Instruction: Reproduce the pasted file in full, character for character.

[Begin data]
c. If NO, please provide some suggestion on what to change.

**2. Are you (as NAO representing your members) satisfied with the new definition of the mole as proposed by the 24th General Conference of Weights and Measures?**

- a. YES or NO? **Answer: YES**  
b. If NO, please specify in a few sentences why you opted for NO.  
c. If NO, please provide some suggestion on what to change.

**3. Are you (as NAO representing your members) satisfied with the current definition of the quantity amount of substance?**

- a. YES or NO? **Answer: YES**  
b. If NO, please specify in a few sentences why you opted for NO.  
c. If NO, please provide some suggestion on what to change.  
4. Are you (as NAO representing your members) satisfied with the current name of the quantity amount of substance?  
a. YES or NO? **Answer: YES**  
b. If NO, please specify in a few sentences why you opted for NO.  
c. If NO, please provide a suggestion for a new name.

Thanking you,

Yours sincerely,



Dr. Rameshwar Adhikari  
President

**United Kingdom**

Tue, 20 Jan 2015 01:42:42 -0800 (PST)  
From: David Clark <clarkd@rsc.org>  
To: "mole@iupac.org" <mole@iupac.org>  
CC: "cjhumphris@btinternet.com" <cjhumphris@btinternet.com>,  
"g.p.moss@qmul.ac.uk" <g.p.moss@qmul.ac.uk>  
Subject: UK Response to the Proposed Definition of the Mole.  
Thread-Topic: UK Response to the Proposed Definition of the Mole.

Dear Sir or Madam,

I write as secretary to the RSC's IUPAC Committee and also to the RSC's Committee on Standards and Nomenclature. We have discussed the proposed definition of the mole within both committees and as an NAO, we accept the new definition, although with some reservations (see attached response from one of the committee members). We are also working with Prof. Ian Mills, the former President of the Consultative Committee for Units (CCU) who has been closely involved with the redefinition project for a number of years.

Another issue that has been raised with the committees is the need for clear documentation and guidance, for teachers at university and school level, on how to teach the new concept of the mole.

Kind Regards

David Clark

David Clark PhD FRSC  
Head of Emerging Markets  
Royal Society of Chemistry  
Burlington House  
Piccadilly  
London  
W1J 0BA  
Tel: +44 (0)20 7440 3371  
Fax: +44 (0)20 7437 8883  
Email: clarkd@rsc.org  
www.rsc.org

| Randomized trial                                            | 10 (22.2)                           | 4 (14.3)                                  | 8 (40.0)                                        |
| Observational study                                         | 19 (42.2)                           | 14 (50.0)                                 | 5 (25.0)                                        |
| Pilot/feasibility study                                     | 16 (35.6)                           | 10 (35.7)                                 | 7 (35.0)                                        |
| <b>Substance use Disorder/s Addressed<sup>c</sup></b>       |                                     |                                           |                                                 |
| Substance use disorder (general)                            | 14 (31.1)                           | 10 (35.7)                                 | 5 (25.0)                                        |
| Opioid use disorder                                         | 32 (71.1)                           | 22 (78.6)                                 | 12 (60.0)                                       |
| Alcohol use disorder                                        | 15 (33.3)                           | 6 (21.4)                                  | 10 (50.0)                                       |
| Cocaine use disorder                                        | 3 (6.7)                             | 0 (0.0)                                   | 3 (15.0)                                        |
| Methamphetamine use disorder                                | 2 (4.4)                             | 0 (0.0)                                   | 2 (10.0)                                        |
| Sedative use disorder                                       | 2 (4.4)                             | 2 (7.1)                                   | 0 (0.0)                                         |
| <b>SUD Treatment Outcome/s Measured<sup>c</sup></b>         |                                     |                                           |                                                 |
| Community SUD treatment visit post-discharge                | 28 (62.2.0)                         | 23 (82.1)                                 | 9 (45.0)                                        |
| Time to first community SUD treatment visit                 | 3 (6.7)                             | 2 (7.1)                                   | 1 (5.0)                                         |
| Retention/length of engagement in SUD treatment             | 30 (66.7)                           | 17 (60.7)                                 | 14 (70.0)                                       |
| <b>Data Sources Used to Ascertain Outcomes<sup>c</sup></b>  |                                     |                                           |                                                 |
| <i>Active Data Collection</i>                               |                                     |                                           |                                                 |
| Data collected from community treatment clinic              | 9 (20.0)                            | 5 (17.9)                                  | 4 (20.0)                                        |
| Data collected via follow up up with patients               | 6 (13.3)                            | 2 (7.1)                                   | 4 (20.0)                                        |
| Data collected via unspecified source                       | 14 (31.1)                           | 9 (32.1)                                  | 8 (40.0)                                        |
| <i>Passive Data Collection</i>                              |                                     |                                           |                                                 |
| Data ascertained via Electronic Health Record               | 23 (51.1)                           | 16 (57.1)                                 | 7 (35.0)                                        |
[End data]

c. If NO, please provide some suggestion on what to change.

**2. Are you (as NAO representing your members) satisfied with the new definition of the mole as proposed by the 24th General Conference of Weights and Measures?**

- a. YES or NO? **Answer: YES**  
b. If NO, please specify in a few sentences why you opted for NO.  
c. If NO, please provide some suggestion on what to change.

**3. Are you (as NAO representing your members) satisfied with the current definition of the quantity amount of substance?**

- a. YES or NO? **Answer: YES**  
b. If NO, please specify in a few sentences why you opted for NO.  
c. If NO, please provide some suggestion on what to change.  
4. Are you (as NAO representing your members) satisfied with the current name of the quantity amount of substance?  
a. YES or NO? **Answer: YES**  
b. If NO, please specify in a few sentences why you opted for NO.  
c. If NO, please provide a suggestion for a new name.

Thanking you,

Yours sincerely,



Dr. Rameshwar Adhikari  
President

**United Kingdom**

Tue, 20 Jan 2015 01:42:42 -0800 (PST)  
From: David Clark <clarkd@rsc.org>  
To: "mole@iupac.org" <mole@iupac.org>  
CC: "cjhumphris@btinternet.com" <cjhumphris@btinternet.com>,  
"g.p.moss@qmul.ac.uk" <g.p.moss@qmul.ac.uk>  
Subject: UK Response to the Proposed Definition of the Mole.  
Thread-Topic: UK Response to the Proposed Definition of the Mole.

Dear Sir or Madam,

I write as secretary to the RSC's IUPAC Committee and also to the RSC's Committee on Standards and Nomenclature. We have discussed the proposed definition of the mole within both committees and as an NAO, we accept the new definition, although with some reservations (see attached response from one of the committee members). We are also working with Prof. Ian Mills, the former President of the Consultative Committee for Units (CCU) who has been closely involved with the redefinition project for a number of years.

Another issue that has been raised with the committees is the need for clear documentation and guidance, for teachers at university and school level, on how to teach the new concept of the mole.

Kind Regards

David Clark

David Clark PhD FRSC  
Head of Emerging Markets  
Royal Society of Chemistry  
Burlington House  
Piccadilly  
London  
W1J 0BA  
Tel: +44 (0)20 7440 3371  
Fax: +44 (0)20 7437 8883  
Email: clarkd@rsc.org  
www.rsc.org

| Randomized trial                                            | 10 (22.2)                           | 4 (14.3)                                  | 8 (40.0)                                        |
| Observational study                                         | 19 (42.2)                           | 14 (50.0)                                 | 5 (25.0)                                        |
| Pilot/feasibility study                                     | 16 (35.6)                           | 10 (35.7)                                 | 7 (35.0)                                        |
| <b>Substance use Disorder/s Addressed<sup>c</sup></b>       |                                     |                                           |                                                 |
| Substance use disorder (general)                            | 14 (31.1)                           | 10 (35.7)                                 | 5 (25.0)                                        |
| Opioid use disorder                                         | 32 (71.1)                           | 22 (78.6)                                 | 12 (60.0)                                       |
| Alcohol use disorder                                        | 15 (33.3)                           | 6 (21.4)                                  | 10 (50.0)                                       |
| Cocaine use disorder                                        | 3 (6.7)                             | 0 (0.0)                                   | 3 (15.0)                                        |
| Methamphetamine use disorder                                | 2 (4.4)                             | 0 (0.0)                                   | 2 (10.0)                                        |
| Sedative use disorder                                       | 2 (4.4)                             | 2 (7.1)                                   | 0 (0.0)                                         |
| <b>SUD Treatment Outcome/s Measured<sup>c</sup></b>         |                                     |                                           |                                                 |
| Community SUD treatment visit post-discharge                | 28 (62.2.0)                         | 23 (82.1)                                 | 9 (45.0)                                        |
| Time to first community SUD treatment visit                 | 3 (6.7)                             | 2 (7.1)                                   | 1 (5.0)                                         |
| Retention/length of engagement in SUD treatment             | 30 (66.7)                           | 17 (60.7)                                 | 14 (70.0)                                       |
| <b>Data Sources Used to Ascertain Outcomes<sup>c</sup></b>  |                                     |                                           |                                                 |
| <i>Active Data Collection</i>                               |                                     |                                           |                                                 |
| Data collected from community treatment clinic              | 9 (20.0)                            | 5 (17.9)                                  | 4 (20.0)                                        |
| Data collected via follow up up with patients               | 6 (13.3)                            | 2 (7.1)                                   | 4 (20.0)                                        |
| Data collected via unspecified source                       | 14 (31.1)                           | 9 (32.1)                                  | 8 (40.0)                                        |
| <i>Passive Data Collection</i>                              |                                     |                                           |                                                 |
| Data ascertained via Electronic Health Record               | 23 (51.1)                           | 16 (57.1)                                 | 7 (35.0)                                        |